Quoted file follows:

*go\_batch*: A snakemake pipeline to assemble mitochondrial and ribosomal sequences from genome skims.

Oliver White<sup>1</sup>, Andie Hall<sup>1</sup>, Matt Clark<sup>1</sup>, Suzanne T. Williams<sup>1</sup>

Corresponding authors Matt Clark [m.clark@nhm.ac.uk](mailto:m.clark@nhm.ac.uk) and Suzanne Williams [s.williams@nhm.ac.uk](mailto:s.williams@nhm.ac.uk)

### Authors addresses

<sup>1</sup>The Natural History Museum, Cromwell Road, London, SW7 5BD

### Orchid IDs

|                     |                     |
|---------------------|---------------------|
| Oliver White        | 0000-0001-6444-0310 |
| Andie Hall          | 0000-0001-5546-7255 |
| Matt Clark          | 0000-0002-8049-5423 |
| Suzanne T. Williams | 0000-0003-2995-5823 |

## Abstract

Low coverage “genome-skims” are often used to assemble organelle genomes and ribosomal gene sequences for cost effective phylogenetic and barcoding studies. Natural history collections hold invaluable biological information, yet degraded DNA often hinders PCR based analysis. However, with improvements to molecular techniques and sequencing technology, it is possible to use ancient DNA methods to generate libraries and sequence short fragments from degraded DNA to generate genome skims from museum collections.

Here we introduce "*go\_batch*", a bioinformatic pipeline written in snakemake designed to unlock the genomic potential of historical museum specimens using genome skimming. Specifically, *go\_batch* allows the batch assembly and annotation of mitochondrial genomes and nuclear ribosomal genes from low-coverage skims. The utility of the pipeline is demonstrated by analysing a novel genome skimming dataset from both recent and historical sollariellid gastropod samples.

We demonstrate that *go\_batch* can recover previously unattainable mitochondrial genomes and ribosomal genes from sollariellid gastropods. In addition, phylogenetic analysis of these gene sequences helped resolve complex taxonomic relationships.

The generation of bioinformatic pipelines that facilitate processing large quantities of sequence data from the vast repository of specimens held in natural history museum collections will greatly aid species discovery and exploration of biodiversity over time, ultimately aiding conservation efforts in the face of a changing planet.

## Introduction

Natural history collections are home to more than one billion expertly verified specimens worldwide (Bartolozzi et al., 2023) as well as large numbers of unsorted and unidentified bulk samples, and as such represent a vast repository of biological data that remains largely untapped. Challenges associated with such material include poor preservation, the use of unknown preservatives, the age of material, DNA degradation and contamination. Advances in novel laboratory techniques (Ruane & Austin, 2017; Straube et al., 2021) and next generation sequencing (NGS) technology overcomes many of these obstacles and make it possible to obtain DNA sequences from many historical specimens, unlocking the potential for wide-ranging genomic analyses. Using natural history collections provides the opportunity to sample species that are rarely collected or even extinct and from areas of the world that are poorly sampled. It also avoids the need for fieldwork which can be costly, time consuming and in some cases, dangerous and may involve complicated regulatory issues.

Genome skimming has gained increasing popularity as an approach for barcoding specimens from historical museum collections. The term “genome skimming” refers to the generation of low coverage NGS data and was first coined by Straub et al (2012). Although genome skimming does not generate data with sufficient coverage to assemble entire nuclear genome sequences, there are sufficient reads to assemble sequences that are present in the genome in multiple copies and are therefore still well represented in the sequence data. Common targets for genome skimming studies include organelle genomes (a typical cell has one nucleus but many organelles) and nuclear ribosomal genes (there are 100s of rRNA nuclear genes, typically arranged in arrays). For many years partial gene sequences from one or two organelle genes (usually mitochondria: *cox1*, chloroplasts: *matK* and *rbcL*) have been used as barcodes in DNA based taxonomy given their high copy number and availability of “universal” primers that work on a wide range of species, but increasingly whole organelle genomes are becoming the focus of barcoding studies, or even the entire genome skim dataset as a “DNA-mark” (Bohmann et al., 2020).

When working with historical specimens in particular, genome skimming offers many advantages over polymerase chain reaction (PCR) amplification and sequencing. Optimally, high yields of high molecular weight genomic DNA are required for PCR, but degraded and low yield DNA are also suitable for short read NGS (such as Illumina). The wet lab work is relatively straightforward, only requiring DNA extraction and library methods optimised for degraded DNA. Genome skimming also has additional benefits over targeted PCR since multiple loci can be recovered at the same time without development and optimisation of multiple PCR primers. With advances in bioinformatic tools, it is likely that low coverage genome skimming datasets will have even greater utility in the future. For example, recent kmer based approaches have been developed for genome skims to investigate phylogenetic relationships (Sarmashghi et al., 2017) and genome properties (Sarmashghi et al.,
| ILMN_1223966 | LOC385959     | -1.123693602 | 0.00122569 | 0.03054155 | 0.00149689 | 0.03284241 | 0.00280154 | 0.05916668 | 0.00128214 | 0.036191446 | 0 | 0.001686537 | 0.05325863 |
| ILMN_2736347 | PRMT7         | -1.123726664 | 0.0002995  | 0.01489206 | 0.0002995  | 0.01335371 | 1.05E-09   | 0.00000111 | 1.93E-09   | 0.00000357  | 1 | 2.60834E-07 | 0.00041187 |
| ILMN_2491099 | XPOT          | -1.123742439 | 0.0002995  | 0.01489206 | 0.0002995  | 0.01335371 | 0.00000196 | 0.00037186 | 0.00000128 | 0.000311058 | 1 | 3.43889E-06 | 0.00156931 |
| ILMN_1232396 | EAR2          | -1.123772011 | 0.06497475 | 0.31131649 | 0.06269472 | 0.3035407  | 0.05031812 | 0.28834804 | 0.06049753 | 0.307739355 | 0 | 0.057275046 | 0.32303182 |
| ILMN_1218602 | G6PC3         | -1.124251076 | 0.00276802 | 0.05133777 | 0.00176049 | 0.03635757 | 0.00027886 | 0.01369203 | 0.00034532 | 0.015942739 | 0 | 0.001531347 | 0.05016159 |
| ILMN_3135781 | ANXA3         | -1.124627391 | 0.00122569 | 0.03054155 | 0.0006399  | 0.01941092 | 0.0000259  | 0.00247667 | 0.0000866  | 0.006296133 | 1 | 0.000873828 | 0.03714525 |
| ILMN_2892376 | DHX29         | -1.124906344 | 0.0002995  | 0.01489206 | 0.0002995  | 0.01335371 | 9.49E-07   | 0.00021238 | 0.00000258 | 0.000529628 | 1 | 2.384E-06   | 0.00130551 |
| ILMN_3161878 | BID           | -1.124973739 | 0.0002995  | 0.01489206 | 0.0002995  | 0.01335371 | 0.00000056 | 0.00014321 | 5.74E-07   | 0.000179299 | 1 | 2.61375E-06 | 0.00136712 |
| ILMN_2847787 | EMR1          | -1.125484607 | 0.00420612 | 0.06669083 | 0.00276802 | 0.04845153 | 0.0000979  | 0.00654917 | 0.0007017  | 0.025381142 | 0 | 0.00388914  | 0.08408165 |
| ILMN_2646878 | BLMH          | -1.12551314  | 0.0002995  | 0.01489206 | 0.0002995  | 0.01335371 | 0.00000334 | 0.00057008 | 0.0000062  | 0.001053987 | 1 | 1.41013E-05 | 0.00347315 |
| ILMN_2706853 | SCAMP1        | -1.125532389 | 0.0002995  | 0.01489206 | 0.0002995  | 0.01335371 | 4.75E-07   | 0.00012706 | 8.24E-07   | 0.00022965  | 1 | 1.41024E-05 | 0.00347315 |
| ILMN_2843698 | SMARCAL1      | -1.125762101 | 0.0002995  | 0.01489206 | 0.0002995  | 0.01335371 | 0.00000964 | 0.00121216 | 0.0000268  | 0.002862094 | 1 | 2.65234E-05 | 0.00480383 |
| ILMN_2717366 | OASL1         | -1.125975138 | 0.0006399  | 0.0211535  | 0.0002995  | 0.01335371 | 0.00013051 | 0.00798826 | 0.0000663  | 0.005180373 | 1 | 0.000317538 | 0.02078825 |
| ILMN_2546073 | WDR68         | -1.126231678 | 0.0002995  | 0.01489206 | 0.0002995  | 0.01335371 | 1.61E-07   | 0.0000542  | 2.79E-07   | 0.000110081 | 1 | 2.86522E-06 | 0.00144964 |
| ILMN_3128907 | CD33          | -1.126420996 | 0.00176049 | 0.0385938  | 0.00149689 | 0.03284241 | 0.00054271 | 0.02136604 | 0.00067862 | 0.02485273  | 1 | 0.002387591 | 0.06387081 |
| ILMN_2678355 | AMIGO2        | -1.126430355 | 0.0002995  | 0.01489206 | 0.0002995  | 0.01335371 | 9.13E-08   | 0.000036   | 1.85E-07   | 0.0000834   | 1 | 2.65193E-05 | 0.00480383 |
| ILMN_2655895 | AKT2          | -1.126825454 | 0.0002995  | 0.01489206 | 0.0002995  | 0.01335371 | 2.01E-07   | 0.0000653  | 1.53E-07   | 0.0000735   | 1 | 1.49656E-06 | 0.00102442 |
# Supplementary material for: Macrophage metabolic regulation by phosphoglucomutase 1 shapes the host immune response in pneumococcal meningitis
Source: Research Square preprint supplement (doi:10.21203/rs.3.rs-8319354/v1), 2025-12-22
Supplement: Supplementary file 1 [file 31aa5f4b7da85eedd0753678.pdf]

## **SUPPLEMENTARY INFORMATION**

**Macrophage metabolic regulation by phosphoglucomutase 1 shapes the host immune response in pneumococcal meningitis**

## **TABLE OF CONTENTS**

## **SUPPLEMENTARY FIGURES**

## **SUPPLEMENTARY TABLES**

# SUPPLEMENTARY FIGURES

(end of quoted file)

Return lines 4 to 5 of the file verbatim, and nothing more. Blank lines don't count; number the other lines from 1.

### Authors addresses

<sup>1</sup>The Natural History Museum, Cromwell Road, London, SW7 5BD